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No Sympathy

Doubts persist. Pope Benedict XVI Photo: AFP
Doubts persist. Pope Benedict XVI Photo: AFP
 
 

Papal visit bad for us

Giora Eiland says current pope no friend of Israel, should not have been welcomed here

Giora Eiland
Published: 05.08.09, 00:36 / Israel Opinion

Pope Benedict XVI is scheduled to visit Israel next week. It would have been better had this visit not taken place, and as opposed to common perception it presents diplomatic damage to Israel rather than benefits.

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The pope enrolled in the Hitler Youth and later joined the Wehrmacht. Even if we accept the claim that this was what many young Germans did during World War II, and that this does not necessarily attest to anti-Semitic positions, it nonetheless constitutes a significant stain. After all, nobody thoroughly examined his actions during that era, and the doubts persist.

 

The doubt regarding the pope’s positions in respect to the Jews was lifted in the wake of two decisions made by him – decisions that at best were a result of indifference and at worst were an expression of anti-Semitism.

 

In August 2008, Benedict XVI declared Pope Pius XII a “saint.” Pius XII served as pope throughout World War II. The most positive thing one can say about him is that he was completely indifferent to the fate of the Jews. Others, such as author John Cornell in his book Hitler’s Pope, describe his support for the Nazi regime.

 

There are dozens of documented reports of church representatives in Holland, Austria, and Ukraine who sent letters to the pope and reported the Nazi murders, including dates, locations, and number of victims. Yet Pius XII chose to ignore it.

 

Some senior Catholic figures asked him to clearly speak out, so that even if the Nazis won’t be deterred, at least their Catholic collaborators in Poland, Ukraine, and other countries would have doubts, yet the pope refused to do so. He did not lift a finger even on behalf of the Jews in his city, Rome, who were led to their death right under his nose.

 

The second act has to do with Holocaust-denying Bishop Richard Williamson, who claims that there was no deliberate killing of Jews during World War II, that the crematoria are an invention, and that the number of Jews who perished at the camps is 300,000 at most. Williamson was excommunicated by the Church in the past because of his statements. Yet Benedict XVI sought to reinstate and rehabilitate him.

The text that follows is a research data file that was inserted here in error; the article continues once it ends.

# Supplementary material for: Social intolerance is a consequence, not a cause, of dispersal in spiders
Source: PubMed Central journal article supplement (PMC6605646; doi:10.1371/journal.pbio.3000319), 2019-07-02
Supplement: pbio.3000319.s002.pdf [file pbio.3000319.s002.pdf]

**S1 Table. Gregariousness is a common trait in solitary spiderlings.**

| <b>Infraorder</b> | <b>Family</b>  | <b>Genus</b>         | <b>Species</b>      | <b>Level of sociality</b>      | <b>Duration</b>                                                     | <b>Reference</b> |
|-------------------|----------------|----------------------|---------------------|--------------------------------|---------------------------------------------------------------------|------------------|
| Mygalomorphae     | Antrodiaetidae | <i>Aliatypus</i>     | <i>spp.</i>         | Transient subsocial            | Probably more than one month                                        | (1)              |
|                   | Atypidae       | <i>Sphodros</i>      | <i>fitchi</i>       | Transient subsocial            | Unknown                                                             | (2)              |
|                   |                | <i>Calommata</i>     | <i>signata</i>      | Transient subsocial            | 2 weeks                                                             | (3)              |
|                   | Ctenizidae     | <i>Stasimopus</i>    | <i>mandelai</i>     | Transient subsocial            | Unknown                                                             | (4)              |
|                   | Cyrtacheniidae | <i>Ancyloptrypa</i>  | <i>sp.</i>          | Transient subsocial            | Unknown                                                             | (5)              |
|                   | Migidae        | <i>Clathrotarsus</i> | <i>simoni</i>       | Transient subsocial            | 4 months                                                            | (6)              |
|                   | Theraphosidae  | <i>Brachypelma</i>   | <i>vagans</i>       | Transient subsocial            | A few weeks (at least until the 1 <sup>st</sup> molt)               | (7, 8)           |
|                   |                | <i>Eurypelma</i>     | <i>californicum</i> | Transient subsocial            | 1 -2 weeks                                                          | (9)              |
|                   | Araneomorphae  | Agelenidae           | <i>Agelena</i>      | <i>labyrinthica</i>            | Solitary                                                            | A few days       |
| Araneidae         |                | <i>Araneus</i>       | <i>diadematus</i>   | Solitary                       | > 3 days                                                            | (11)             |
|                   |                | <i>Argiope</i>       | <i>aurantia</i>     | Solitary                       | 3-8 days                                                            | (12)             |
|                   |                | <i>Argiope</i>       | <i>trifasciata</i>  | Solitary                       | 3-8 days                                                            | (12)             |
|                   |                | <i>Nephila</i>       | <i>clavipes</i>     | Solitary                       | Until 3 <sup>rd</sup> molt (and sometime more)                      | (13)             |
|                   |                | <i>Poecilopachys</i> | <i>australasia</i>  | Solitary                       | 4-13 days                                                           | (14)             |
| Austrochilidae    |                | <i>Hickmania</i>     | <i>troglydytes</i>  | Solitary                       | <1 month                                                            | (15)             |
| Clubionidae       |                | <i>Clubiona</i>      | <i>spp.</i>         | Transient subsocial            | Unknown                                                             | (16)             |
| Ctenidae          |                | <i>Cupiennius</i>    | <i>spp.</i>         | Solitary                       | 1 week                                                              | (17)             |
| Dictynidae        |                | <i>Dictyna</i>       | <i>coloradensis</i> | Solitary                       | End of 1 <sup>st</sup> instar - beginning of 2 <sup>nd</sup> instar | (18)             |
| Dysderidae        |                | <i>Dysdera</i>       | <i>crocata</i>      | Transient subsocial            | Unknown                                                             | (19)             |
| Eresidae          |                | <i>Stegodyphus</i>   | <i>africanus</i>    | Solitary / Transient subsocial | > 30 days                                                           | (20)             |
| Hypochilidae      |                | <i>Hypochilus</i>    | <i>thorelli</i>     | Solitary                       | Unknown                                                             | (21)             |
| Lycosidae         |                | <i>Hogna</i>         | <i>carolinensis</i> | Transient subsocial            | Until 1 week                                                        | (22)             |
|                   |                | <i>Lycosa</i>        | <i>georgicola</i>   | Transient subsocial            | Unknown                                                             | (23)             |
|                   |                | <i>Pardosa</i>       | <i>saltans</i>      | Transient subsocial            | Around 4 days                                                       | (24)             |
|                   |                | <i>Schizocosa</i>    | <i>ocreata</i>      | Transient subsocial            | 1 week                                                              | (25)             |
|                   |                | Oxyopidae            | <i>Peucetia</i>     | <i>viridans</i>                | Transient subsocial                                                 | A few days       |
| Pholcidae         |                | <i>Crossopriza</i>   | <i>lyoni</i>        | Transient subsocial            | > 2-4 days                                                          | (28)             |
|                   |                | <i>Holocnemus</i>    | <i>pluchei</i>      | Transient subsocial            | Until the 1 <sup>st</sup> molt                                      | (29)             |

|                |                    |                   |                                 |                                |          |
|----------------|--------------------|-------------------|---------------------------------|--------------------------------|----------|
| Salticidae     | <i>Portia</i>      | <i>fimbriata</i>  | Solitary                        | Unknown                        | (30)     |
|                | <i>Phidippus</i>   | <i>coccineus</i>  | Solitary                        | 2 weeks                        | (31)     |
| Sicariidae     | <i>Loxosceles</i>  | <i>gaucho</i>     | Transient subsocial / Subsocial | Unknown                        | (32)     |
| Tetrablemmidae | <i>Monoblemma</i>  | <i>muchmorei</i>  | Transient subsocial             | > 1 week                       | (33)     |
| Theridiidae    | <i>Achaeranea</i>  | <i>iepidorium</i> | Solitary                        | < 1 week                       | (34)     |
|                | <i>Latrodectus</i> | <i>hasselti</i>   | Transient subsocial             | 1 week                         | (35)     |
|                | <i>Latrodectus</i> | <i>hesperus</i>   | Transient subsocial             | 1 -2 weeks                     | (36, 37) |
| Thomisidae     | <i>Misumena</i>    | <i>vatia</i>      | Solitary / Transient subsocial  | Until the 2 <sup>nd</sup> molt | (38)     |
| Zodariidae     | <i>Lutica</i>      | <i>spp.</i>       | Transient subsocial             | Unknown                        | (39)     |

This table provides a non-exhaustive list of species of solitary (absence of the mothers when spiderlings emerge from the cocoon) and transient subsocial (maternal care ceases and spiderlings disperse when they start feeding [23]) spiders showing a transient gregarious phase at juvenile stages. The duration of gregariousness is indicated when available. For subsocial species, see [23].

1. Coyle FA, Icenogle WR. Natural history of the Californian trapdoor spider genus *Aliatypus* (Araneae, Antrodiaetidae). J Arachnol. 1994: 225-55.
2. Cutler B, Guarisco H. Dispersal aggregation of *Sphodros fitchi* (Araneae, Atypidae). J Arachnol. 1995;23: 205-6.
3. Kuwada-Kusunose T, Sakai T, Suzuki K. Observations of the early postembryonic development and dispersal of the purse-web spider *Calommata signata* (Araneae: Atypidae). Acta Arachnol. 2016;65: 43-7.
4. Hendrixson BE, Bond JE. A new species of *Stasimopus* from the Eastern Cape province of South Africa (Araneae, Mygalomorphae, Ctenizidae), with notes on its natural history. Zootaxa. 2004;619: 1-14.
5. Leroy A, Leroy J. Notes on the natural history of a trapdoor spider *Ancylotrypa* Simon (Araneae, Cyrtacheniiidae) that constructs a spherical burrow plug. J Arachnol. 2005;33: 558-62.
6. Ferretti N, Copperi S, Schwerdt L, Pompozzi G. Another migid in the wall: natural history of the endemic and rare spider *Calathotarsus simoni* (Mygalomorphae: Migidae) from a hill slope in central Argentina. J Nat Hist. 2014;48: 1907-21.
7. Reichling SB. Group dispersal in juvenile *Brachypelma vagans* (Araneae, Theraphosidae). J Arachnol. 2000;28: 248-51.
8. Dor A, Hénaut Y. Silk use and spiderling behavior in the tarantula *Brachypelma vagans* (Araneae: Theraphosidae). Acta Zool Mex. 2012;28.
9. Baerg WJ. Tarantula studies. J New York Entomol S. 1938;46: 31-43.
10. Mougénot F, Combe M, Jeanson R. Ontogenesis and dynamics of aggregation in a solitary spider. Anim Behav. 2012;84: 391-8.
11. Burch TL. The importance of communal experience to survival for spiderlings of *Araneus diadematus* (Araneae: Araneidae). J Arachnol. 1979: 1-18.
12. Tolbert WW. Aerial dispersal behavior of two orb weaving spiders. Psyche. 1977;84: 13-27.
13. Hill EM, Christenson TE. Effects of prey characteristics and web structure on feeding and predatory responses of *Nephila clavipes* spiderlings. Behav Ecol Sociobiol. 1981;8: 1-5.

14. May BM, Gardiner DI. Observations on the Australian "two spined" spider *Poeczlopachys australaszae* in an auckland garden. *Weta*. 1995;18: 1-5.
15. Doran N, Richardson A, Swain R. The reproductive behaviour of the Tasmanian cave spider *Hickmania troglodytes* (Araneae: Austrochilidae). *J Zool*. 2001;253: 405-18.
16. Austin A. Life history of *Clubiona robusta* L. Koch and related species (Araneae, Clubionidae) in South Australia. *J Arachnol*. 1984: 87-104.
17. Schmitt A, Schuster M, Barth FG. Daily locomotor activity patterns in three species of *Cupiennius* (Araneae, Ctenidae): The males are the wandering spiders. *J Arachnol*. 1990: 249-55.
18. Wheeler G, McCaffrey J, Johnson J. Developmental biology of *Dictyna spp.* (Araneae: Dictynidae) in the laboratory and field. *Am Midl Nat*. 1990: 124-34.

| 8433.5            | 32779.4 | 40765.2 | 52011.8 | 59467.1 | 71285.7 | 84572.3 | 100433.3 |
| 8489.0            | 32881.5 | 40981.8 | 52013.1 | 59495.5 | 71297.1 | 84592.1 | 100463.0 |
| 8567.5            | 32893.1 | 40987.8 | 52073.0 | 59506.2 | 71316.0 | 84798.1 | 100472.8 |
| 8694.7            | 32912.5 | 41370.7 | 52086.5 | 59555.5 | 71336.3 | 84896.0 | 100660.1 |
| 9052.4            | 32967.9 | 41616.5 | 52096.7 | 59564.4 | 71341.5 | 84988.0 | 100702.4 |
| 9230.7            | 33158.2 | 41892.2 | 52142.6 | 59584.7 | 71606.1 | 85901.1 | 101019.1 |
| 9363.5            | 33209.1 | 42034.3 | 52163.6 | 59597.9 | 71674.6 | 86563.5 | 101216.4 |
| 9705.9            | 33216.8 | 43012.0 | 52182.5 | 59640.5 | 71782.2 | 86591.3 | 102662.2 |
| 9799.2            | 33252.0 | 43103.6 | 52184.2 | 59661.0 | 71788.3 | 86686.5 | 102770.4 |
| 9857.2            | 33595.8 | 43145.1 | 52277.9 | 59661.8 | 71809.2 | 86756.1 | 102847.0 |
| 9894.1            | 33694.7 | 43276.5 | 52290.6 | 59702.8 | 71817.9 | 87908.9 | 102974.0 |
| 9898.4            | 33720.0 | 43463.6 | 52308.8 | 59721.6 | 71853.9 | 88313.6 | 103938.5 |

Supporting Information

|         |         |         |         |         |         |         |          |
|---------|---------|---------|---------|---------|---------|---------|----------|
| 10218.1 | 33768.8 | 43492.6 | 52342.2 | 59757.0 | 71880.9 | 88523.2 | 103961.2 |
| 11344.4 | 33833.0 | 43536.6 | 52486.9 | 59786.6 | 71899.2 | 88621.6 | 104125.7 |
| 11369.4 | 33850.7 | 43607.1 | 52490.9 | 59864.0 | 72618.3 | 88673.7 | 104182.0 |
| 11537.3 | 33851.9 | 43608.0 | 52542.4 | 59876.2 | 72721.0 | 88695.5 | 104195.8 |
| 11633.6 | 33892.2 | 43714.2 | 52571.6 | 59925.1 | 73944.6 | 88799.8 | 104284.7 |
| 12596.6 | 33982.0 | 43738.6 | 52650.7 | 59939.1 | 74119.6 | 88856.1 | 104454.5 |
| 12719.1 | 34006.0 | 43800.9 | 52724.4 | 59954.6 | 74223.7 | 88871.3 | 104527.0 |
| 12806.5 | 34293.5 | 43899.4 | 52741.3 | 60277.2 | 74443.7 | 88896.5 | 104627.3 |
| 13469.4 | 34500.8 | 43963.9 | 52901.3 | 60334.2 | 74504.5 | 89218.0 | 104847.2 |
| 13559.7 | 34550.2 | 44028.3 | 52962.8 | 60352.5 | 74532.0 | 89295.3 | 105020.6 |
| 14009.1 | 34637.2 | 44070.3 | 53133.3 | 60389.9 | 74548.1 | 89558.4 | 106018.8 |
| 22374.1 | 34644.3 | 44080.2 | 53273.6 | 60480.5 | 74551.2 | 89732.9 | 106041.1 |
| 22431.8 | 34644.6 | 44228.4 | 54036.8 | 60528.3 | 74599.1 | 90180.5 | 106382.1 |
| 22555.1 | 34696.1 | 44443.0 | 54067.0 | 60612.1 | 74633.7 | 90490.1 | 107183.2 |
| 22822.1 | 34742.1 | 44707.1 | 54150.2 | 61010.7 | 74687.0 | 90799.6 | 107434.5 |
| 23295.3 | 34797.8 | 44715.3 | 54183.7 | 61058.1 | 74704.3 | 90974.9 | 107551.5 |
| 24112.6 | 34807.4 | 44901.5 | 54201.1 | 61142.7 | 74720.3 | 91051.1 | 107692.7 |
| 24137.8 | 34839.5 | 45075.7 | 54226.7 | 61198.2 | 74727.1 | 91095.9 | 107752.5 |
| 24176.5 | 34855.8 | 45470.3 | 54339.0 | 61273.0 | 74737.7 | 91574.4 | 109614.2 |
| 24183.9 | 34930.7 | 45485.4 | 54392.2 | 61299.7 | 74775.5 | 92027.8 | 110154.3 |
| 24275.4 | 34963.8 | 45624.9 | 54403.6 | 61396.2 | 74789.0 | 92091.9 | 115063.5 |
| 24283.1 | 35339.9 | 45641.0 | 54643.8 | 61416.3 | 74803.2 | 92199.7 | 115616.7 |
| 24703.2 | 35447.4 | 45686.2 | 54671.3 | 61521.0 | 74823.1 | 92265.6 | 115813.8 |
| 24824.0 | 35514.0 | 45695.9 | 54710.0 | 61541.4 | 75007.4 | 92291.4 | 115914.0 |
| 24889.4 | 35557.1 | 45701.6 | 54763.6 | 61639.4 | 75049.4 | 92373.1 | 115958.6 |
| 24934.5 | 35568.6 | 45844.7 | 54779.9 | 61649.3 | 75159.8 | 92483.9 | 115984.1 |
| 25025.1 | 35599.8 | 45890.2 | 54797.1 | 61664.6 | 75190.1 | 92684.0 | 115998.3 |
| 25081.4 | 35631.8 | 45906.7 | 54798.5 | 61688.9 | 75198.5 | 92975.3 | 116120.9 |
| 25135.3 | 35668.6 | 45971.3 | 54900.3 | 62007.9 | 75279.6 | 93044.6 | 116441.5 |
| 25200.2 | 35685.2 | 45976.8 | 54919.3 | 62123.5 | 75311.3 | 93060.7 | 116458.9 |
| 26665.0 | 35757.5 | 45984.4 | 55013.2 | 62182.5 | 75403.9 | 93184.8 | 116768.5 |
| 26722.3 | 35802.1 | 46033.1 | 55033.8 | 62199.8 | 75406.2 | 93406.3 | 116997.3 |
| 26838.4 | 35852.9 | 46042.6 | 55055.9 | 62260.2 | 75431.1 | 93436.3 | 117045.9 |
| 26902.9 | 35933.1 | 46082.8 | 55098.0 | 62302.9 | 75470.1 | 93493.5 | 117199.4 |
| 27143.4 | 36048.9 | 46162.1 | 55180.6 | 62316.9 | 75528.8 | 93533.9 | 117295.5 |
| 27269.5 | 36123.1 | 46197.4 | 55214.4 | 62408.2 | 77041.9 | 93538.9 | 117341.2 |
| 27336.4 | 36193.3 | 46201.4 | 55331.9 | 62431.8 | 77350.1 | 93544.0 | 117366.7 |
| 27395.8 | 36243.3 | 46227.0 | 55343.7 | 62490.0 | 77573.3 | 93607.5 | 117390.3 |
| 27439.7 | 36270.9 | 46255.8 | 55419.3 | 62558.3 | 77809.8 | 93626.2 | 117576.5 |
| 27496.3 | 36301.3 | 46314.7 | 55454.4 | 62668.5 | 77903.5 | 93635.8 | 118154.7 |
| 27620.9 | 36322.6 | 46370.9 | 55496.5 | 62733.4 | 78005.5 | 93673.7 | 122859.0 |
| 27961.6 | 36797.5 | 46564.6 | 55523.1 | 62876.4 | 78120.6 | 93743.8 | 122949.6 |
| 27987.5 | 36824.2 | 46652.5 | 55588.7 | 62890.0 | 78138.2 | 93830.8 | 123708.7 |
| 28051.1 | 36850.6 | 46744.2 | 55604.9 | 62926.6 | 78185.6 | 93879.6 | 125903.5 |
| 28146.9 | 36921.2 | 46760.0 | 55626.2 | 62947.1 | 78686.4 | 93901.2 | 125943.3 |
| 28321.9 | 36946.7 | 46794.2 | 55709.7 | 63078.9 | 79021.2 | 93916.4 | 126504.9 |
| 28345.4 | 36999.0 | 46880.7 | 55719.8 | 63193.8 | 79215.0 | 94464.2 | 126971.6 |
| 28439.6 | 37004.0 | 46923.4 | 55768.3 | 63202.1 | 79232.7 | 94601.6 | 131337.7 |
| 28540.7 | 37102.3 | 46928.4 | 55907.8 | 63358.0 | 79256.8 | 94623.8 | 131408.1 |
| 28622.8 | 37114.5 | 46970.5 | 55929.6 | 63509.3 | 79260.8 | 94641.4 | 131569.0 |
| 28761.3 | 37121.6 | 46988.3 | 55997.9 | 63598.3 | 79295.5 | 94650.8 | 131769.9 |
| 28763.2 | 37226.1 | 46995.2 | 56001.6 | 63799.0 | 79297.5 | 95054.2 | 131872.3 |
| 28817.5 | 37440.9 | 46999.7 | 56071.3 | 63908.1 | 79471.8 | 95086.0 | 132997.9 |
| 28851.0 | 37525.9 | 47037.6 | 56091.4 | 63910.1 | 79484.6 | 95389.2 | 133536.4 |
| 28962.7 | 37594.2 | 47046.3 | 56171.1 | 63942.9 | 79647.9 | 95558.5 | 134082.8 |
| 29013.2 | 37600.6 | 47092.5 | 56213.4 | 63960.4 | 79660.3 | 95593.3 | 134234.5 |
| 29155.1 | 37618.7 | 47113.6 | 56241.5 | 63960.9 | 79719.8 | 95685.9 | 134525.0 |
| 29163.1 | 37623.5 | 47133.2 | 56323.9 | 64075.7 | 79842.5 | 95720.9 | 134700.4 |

The pope was not impressed by the (mostly Jewish) outcry, and attempted to justify his move in odd ways. He was forced to give in only after German Chancellor Angela Merkel spoke to him like “one German to another” and demanded that he change his mind.

 

Needless obsequiousness

There should be no doubt about it: The pope is not coming here for purposes of dialogue or reconciliation, or because of his desire to visit the State of Israel. He wants to arrive here because Christianity’s holiest sites “happen to be” under Israeli sovereignty, and just like his predecessors he cannot avoid a visit.

 

If he has any diplomatic intentions, they are not motivated by sympathy for us. The pope expressed his support for the Durban II conference. He also insisted on visiting a Palestinian refugee camp near the security fence, thereby making the Palestinian refugees and the fence a nice backdrop for his message regarding the injustices of Jewish occupation.

 

In the face of such anti-Israel attitude, the State of Israel is not only willing to host him in line with the regular pomp and circumstances but also to do much beyond it. This visit will cost NIS 43 million (roughly $10 million.) Beyond the regular hosting and security expenses that any head of state is entitled to, the State of Israel is also funding Christian ceremonies and events.

 

This obsequiousness is a harmful act, and as opposed to common perception it carries no diplomatic benefits. Similarly to how a needless confrontation can undermine a state’s status, needless sycophancy can do the same. Had we told the Vatican that “this isn’t the right time for a visit,” we would have done something that is right in Jewish terms and wise in diplomatic terms. 

 

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